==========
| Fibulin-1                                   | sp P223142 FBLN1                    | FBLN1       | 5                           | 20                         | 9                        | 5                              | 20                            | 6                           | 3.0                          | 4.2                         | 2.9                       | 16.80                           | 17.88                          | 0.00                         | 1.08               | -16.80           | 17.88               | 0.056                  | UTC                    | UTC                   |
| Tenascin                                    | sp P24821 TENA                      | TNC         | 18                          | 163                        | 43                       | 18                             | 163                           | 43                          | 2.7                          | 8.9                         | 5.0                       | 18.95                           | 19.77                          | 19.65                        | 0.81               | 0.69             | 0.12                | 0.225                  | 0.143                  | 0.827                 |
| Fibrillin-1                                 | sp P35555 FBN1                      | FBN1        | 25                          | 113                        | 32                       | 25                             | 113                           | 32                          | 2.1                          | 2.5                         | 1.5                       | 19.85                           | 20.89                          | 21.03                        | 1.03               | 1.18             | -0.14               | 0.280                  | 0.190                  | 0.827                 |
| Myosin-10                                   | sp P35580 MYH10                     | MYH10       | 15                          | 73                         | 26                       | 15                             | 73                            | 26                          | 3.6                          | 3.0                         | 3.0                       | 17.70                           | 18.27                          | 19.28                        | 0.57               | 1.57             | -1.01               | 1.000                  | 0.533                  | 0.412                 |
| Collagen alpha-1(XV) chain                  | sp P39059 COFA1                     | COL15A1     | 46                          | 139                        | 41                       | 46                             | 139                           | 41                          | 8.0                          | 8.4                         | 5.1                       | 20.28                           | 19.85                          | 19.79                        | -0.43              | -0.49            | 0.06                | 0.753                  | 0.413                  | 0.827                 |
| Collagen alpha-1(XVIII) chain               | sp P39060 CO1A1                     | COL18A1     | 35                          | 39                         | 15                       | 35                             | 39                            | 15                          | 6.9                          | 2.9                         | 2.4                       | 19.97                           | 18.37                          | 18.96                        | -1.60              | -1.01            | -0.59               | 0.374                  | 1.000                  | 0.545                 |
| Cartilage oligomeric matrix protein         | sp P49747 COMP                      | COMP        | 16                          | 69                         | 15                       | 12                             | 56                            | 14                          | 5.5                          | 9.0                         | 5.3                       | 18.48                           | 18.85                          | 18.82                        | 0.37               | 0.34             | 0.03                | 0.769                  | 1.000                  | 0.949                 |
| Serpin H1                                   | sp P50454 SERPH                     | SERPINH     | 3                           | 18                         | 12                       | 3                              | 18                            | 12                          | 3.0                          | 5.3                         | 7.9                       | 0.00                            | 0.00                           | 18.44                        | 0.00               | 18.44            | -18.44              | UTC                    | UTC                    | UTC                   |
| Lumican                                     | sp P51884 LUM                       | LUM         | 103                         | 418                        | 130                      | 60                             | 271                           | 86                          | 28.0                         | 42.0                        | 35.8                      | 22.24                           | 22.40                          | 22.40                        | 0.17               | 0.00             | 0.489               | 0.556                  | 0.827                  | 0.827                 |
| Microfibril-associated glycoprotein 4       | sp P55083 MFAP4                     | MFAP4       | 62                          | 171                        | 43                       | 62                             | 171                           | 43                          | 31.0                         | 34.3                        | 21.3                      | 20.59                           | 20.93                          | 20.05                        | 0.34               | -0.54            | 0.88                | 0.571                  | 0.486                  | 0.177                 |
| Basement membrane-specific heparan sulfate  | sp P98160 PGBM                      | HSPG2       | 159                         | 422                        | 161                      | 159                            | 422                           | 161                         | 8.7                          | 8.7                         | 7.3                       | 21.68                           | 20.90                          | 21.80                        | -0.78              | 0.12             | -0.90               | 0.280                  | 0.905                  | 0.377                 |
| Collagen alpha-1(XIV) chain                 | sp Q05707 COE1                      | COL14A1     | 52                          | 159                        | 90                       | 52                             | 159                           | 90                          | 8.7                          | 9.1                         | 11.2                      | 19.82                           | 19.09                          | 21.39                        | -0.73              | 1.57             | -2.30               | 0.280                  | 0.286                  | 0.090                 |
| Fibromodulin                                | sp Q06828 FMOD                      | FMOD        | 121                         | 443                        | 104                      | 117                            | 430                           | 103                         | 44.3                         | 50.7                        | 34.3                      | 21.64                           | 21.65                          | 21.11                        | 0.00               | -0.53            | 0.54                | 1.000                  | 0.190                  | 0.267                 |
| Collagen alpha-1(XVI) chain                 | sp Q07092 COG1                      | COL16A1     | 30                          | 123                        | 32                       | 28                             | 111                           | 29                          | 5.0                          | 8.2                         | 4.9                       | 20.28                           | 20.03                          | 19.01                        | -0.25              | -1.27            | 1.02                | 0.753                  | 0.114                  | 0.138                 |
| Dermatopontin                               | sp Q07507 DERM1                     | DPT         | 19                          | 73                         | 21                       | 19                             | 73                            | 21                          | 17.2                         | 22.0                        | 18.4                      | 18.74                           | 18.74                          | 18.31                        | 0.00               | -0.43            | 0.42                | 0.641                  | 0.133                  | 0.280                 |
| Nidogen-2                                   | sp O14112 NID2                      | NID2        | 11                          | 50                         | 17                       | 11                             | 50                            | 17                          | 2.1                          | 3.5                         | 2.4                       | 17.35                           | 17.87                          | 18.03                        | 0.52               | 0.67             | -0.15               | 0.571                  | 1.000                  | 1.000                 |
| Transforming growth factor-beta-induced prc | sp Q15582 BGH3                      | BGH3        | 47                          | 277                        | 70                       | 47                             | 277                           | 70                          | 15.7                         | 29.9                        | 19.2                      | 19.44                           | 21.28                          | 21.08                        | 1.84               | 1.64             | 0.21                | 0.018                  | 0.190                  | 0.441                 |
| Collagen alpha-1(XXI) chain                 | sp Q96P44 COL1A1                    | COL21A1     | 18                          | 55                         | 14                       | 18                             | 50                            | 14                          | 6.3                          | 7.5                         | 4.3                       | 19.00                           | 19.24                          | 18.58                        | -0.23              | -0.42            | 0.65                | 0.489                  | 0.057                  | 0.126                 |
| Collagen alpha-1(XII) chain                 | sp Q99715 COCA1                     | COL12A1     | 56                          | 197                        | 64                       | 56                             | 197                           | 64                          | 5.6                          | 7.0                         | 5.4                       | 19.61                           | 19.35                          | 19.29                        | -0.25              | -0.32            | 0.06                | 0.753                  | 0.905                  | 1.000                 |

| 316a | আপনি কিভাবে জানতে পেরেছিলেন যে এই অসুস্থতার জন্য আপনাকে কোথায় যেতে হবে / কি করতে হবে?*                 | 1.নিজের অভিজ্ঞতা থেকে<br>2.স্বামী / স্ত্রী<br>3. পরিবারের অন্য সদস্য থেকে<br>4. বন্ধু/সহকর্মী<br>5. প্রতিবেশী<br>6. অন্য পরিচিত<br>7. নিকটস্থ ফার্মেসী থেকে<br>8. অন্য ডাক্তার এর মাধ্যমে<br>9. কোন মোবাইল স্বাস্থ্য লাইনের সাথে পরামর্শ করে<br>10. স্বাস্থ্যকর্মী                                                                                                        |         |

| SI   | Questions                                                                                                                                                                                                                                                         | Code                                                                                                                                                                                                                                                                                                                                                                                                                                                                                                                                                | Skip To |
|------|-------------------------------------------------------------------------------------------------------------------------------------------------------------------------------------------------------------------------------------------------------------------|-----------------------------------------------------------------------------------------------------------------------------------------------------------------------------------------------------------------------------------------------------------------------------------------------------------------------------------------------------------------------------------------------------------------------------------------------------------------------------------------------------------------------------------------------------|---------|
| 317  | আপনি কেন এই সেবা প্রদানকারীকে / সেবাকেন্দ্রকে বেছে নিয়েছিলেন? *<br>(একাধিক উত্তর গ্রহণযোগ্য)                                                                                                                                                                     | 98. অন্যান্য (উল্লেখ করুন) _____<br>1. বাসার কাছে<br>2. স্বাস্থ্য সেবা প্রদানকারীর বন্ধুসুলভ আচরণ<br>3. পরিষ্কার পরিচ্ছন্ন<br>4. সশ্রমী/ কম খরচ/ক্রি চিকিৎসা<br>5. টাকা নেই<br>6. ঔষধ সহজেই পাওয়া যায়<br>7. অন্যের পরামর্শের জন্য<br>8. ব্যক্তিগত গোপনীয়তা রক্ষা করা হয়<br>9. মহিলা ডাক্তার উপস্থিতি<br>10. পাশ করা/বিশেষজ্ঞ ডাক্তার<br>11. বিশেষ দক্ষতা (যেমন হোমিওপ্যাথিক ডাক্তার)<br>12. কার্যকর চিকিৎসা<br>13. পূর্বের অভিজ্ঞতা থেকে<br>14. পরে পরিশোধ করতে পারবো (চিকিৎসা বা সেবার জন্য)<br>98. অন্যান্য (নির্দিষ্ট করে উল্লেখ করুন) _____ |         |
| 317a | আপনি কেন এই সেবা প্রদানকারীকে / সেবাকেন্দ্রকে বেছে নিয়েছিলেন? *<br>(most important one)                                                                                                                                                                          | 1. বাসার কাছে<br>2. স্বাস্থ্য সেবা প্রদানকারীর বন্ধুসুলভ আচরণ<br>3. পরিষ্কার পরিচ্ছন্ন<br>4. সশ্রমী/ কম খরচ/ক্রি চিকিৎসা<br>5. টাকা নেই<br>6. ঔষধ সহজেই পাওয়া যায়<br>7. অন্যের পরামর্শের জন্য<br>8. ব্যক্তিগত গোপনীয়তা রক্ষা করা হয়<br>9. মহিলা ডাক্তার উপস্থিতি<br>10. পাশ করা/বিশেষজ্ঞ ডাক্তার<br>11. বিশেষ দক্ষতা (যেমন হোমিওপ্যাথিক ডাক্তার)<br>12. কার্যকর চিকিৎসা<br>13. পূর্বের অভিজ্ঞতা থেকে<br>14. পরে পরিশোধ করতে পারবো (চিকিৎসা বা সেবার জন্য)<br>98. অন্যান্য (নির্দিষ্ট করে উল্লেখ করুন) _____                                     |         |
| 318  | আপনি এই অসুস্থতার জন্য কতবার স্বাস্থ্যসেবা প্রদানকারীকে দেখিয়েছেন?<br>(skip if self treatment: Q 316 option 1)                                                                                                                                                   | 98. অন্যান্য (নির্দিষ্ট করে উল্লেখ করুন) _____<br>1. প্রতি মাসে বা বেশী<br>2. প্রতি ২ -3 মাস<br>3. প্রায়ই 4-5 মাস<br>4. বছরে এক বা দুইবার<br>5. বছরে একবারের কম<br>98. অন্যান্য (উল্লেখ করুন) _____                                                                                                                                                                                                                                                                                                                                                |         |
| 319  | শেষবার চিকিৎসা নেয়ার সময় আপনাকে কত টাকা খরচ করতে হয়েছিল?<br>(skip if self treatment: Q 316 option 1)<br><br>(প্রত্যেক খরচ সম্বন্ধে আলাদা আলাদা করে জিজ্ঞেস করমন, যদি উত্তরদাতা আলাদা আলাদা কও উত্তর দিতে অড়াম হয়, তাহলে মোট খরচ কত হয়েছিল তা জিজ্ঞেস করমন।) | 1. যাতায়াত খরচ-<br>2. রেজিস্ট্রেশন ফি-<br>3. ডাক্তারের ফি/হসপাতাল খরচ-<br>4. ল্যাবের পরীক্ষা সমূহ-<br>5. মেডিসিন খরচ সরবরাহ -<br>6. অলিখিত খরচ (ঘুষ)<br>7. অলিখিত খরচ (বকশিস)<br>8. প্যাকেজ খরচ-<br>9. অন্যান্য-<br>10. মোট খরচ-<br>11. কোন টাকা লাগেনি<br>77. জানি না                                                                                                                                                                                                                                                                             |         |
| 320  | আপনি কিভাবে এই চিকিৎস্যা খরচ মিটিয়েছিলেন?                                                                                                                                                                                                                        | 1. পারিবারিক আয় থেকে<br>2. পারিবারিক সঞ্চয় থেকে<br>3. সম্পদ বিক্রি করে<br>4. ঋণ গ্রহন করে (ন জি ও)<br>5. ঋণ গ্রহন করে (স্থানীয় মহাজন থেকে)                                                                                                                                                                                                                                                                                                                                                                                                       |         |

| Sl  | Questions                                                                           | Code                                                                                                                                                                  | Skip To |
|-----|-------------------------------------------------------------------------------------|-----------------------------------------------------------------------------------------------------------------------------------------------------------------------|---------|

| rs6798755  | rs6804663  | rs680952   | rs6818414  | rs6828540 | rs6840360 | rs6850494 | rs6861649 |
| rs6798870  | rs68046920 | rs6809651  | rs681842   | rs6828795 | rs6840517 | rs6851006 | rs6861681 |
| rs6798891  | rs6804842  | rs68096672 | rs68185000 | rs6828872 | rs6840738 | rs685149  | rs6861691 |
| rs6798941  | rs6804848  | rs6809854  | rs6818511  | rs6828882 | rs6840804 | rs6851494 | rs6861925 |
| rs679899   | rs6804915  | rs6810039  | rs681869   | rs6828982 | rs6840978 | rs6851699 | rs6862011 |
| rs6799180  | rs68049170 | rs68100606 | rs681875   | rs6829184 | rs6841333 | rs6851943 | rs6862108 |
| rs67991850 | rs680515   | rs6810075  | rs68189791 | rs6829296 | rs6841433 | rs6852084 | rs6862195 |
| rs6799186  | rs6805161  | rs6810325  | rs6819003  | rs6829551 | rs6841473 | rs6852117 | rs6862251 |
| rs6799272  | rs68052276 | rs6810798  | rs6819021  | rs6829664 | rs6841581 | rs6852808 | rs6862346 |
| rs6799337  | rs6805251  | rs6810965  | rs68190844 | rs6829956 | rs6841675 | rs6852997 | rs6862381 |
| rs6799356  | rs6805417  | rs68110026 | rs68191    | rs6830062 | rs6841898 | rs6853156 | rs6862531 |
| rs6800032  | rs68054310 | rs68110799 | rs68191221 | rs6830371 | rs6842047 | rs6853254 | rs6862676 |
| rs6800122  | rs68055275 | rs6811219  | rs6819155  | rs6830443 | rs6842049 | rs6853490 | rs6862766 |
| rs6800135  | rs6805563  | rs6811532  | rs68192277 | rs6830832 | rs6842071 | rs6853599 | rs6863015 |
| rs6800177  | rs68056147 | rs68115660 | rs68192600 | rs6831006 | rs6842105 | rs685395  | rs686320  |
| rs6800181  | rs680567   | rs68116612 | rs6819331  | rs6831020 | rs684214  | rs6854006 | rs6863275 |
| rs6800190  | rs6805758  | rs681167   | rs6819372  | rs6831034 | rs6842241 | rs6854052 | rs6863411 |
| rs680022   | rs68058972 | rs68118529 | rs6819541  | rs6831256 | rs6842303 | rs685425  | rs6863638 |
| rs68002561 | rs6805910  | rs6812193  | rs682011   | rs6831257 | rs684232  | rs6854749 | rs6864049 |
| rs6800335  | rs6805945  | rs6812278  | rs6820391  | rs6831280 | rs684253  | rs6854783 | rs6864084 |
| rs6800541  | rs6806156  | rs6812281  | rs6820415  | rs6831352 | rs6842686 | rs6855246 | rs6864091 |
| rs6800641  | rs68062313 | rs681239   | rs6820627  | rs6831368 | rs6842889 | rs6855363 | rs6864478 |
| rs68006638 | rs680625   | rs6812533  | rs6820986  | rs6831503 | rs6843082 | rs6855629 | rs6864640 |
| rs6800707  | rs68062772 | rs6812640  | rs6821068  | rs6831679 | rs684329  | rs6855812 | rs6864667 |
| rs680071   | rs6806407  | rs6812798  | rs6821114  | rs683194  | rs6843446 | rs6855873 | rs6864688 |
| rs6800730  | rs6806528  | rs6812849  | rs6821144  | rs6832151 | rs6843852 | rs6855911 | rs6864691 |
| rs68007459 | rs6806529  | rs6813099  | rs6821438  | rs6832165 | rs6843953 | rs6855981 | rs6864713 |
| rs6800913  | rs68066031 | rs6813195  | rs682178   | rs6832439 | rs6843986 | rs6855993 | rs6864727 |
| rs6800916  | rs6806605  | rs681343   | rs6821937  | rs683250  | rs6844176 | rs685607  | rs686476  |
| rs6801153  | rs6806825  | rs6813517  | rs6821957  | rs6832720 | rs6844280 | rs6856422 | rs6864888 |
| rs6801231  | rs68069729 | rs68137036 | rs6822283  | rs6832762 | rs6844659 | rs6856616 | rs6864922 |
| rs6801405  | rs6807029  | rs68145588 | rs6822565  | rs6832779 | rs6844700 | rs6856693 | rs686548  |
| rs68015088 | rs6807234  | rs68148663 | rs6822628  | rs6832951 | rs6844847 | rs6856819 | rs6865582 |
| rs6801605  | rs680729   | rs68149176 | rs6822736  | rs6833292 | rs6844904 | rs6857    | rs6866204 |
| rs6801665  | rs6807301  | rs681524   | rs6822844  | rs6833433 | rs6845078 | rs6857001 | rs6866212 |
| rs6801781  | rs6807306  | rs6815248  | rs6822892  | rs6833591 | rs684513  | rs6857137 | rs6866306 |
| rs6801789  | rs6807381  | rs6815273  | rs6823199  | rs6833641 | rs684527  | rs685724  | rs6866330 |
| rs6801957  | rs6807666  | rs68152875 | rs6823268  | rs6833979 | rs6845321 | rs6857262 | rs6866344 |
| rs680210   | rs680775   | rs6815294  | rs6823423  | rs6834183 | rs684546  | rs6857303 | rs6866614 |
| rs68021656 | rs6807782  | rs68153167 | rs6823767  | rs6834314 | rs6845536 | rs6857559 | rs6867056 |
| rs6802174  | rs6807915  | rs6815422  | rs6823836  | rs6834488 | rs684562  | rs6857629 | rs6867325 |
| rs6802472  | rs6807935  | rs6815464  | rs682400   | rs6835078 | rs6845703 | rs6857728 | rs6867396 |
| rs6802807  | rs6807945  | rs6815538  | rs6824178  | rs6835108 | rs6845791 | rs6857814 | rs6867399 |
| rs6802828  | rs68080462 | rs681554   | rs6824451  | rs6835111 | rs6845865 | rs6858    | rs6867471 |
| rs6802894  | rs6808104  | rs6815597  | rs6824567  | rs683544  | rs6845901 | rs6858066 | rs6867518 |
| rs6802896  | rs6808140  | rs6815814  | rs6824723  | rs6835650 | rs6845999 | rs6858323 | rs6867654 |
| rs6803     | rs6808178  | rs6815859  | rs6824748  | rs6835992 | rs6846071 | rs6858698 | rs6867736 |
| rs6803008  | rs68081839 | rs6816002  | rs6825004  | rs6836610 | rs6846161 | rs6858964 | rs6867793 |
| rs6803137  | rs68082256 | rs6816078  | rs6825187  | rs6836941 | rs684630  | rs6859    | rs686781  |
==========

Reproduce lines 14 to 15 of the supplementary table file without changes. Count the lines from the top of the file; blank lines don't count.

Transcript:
| Collagen alpha-1(XVI) chain                 | sp Q07092 COG1                      | COL16A1     | 30                          | 123                        | 32                       | 28                             | 111                           | 29                          | 5.0                          | 8.2                         | 4.9                       | 20.28                           | 20.03                          | 19.01                        | -0.25              | -1.27            | 1.02                | 0.753                  | 0.114                  | 0.138                 |
| Dermatopontin                               | sp Q07507 DERM1                     | DPT         | 19                          | 73                         | 21                       | 19                             | 73                            | 21                          | 17.2                         | 22.0                        | 18.4                      | 18.74                           | 18.74                          | 18.31                        | 0.00               | -0.43            | 0.42                | 0.641                  | 0.133                  | 0.280                 |